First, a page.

Back in 2006, the New York Times published Jim Lahey’s No-Knead Bread, which revolutionized bread baking. Two years later, Cook’s Illustrated introduced us to J. Kenji Lopez-Alt’s version, Almost No-Knead Bread. And just last month, in May of 2021, he gave us No-Knead Bread, Revisited, which is what I’ve based mine on. I didn’t use vinegar, added some honey, substituted whole wheat and rye for some of the white flour, cut the time down by 30 minutes and used a Dutch oven to bake.
Rest times are 1 hour + 1.5 hours + 1 hour, so perfect if you work from home, and doable if you work away from home because you can make it in the evening, pop it in the fridge after the final rise, then bake the next day.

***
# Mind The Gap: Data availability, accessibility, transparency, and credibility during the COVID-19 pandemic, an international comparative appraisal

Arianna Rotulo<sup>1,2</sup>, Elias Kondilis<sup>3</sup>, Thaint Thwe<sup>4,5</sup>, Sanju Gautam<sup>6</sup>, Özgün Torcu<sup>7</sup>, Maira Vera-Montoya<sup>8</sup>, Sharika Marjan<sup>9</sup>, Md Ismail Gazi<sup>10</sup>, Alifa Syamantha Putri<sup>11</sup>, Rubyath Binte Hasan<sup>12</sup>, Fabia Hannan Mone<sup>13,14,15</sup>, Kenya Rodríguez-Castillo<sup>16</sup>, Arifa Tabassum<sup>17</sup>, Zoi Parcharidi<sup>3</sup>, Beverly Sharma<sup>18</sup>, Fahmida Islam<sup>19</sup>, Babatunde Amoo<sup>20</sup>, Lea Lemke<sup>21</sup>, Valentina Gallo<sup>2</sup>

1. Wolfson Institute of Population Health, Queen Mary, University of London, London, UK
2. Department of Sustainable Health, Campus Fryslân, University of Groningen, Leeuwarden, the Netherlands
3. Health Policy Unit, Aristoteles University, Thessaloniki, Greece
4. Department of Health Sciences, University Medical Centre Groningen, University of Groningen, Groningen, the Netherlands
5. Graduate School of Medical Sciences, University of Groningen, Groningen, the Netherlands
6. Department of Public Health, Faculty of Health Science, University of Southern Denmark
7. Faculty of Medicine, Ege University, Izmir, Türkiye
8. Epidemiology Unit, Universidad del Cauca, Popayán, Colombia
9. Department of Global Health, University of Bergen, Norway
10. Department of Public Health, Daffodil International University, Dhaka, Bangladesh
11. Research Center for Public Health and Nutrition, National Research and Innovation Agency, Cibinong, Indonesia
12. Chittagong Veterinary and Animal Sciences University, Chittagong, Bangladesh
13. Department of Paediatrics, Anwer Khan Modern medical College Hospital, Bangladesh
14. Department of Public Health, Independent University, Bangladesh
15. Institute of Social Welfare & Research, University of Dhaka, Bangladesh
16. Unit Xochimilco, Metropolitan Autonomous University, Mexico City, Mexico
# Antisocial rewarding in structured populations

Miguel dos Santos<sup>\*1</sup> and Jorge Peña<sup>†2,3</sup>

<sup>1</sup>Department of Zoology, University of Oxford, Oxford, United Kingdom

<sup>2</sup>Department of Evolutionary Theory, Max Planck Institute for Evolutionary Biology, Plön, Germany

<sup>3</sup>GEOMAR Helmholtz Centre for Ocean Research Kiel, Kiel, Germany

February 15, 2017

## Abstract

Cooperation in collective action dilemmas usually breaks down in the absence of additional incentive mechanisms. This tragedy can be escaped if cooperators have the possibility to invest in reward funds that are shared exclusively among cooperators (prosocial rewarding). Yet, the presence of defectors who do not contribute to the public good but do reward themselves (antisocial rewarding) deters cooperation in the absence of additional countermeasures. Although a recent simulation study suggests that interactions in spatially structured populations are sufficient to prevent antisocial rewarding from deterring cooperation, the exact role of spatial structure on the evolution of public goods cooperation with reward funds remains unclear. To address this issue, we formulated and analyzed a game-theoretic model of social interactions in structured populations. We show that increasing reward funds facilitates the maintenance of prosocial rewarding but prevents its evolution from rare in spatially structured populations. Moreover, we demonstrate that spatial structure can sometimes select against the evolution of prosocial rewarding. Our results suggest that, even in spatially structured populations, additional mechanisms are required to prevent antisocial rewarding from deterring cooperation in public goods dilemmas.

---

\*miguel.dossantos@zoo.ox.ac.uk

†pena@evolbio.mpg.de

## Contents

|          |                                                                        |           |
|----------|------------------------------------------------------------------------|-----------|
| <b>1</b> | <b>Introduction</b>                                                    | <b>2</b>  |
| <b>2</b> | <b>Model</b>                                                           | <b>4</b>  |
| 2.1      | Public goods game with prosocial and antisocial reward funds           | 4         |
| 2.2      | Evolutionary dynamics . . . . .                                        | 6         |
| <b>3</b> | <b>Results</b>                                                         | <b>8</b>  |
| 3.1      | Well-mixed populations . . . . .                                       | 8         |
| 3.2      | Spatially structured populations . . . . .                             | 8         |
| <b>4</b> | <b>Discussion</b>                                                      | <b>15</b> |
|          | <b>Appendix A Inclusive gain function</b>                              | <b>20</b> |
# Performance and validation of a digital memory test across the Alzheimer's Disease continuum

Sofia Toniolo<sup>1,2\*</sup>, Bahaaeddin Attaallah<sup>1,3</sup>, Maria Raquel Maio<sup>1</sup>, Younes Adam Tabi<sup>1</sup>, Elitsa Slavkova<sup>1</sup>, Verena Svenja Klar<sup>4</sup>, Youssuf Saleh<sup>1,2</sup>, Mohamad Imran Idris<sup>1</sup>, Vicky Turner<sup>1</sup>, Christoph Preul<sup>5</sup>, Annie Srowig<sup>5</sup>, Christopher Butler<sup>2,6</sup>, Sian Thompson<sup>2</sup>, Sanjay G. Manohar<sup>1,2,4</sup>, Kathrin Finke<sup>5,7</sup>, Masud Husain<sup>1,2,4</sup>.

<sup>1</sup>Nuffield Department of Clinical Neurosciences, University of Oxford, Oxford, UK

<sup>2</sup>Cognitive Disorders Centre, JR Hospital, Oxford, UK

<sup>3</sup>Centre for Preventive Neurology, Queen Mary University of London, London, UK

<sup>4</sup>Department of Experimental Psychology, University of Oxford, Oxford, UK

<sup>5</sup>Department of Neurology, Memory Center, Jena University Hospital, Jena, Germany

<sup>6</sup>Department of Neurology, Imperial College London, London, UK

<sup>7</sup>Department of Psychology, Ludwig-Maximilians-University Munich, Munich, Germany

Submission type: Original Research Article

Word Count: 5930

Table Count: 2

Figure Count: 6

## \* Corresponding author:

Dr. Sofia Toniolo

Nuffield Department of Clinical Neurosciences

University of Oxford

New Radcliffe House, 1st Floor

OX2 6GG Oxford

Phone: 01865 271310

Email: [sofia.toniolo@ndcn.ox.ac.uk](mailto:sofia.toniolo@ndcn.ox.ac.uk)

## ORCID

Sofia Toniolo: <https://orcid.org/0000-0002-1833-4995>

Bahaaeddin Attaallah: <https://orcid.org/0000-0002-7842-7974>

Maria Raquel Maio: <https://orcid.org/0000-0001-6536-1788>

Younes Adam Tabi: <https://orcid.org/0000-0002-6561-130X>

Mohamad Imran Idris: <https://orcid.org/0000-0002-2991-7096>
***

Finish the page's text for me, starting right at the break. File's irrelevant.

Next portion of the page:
STEP 1: Make dough
- 300g bread or all-purpose flour (or substitute 50g with whole wheat or rye, or 25g of both)
- 7g salt
- 3g yeast
- Measure dry ingredients in a bowl and mix (I use a whisk) to combine.
- 225g warm water
- 11g honey
- Add honey to water and stir to combine
- Mix honey water into dry ingredients, using the handle of a wooden spoon, or your hand. Make sure there are no dry bits.
- Cover and rest 1 hour
STEP 2: Knead & Proof
- Keeping dough in the bowl, do a round of stretch and folds, then cover and let rest 30 minutes. See kneading during proofing, and shaping videos here. (#1 stretch + fold | 30 minutes rest total so far)
- Repeat this two more times. Each time you can pull the dough out a little longer, but not too much so that it tears. Only do four stretch and folds each round. (1.5 minute rest so far)
- Do one more stretch + fold, then leave to rest for 1 hour.
STEP 3: Final rise
- Carefully remove dough to a lightly floured surface, without deflating it.
- Pull sides to shape into a tight ball, then turn over, and with cupped hands, tighten surface some more.
- Place in lined and floured proofing basket seam side up and cover